This class, as part of Purdue University's educational endeavor, is committed to maintaining a
community which recognizes and values the inherent worth and dignity of
every person; fosters tolerance, sensitivity, understanding, and mutual
respect among its members; and encourages each individual to strive to
reach his or her own potential.
Student Rights:

Any student who has substantial reason to believe that another person is
threatening the safety of others by not complying with Protect Purdue
protocols is encouraged to report the behavior to and discuss the next
steps with their instructor. Students also have the option of reporting
the behavior to the
Office of the Student Rights and Responsibilities.
See also
Purdue University Bill of Student
Rights and the
Violent Behavior
Policy under University Resources in Brightspace.
Accommodations for Students with Disabilities and
Academic Adjustment:
 Purdue University strives to make learning experiences accessible to all
participants. If you anticipate or experience physical or academic barriers based
on disability, you are also encouraged to contact the
Disability Resource Center (DRC) at:
drc@purdue.edu or by phone at 7654941247.
If you have been certified by the DRC as eligible for accommodations, you should
contact me to discuss your accommodations as soon as possible. Click
here
for instructions for sending your Course Accessibility Letter to me.
See also Courses: ADA Information for further information from the Department of Mathematics.
Campus Emergency:

In the event of a major campus emergency or circumstances beyond the
instructor's control, course requirements, deadlines and grading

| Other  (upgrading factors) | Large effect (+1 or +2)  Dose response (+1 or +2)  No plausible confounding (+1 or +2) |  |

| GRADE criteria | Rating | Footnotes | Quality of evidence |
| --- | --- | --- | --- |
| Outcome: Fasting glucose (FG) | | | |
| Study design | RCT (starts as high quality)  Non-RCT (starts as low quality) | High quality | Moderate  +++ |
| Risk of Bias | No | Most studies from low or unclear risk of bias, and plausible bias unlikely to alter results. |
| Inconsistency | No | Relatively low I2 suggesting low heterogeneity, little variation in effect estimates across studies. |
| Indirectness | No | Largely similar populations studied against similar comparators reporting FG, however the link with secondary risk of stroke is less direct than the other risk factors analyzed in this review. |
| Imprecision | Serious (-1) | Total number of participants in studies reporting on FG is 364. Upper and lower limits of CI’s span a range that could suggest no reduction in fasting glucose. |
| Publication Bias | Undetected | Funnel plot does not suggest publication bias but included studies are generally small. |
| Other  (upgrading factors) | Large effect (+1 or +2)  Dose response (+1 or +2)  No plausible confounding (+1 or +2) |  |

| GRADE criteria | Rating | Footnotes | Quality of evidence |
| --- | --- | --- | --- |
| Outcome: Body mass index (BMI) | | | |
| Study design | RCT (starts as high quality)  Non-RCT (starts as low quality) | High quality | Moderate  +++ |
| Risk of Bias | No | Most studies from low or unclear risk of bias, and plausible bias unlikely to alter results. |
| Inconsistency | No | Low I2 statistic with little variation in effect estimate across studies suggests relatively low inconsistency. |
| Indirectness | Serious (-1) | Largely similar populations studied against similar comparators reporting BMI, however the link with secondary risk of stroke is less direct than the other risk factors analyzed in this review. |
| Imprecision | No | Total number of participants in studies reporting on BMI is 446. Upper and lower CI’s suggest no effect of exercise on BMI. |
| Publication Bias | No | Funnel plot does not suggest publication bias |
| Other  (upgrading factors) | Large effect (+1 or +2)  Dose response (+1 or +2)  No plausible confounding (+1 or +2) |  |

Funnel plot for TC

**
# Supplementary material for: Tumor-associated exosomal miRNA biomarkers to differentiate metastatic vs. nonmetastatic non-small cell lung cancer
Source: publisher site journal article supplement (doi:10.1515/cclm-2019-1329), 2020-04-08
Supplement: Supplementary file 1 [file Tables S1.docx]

percentages are subject to change.
Check your email and this course web page for such information.
See also
Emergency Preparedness and Planning for campus wide updates.
More information on University Policies:
 See your MA520 course homepage in Brightspace.
Content (tab at upper left corner): Student Support and Resources, and
University Policies and Statements.
Course Progress and Announcement:
 (You should consult this section regularly,
for homework assignments, additional materials and announcements.)
NOTATION MATTERS!
A clear understanding of notations is one of the keys to
full appreciation of any mathematical subject.
READ THE TEXTBOOK!
Get used to how mathematics are formulated and presented.
My MOTTO on the use of technology
(which I use often):
IF TECHNOLOGY HELPS YOU UNDERSTRAND, BY ALL MEANS USE IT.
OTHERWISE, USE IT AT YOUR OWN RISK!
For the homework, I believe all the problems should be and can be
done by hand. In order to get full credit, sufficient steps must be
shown.
You are welcome to use technology to check your answers.
BEWARE THAT DURING THE TESTS AND EXAM,
NO TECHNOLOGY WILL BE ALLOWED.
WEEK 1: Jan 9, 11
[F Chapter 1]
Examples of PDEs:
heat/diffusion equation, wave equation, Laplace and Poisson equations;
Separation of variables, expansion using eigenvectors/eigenfunctions.
Note: Examples of PDEs
Note: (Review) Solutions of first and second order linear differential equations
(This material can be found in any first course or book in ODEs, for
example, BoyceDiPrima.)
Note: Separation of variables:
matrix example
Homework 1:
due Thursday, Jan. 18th, in class.
WEEK 2: Jan 16, 18
[F Chapter 2]
Cosine and sine functions:
Orthogonality property and
eigenfunctions of (onedimensional) Laplacian;
Fourier series of (2pi) periodic functions, computation of the coefficients.
Properties of Fourier series coefficients:
RiemannLebesgue Lemma,
rate of decay, and
smoothness of function;
Bessel's inequality and orthogonality property of
trigonometric functions.
Note: Examples of Fourier
Series
Note (some history):
The
Analytical Theory of Heat (Original treatise by Fourier)
Note (some history):
J. B. Fourier
 On the Occasion of His Two Hundred Birthday
Note (some history):
Fourier Series 
The Genesis and Evolution of a Theory
Homework 2:
due Thursday, Jan. 25th, in class.
WEEK 3: Jan 23, 25
[F Chapter 2]
Fourier series using complex exponents;
[F Theorem 2.1, p.35]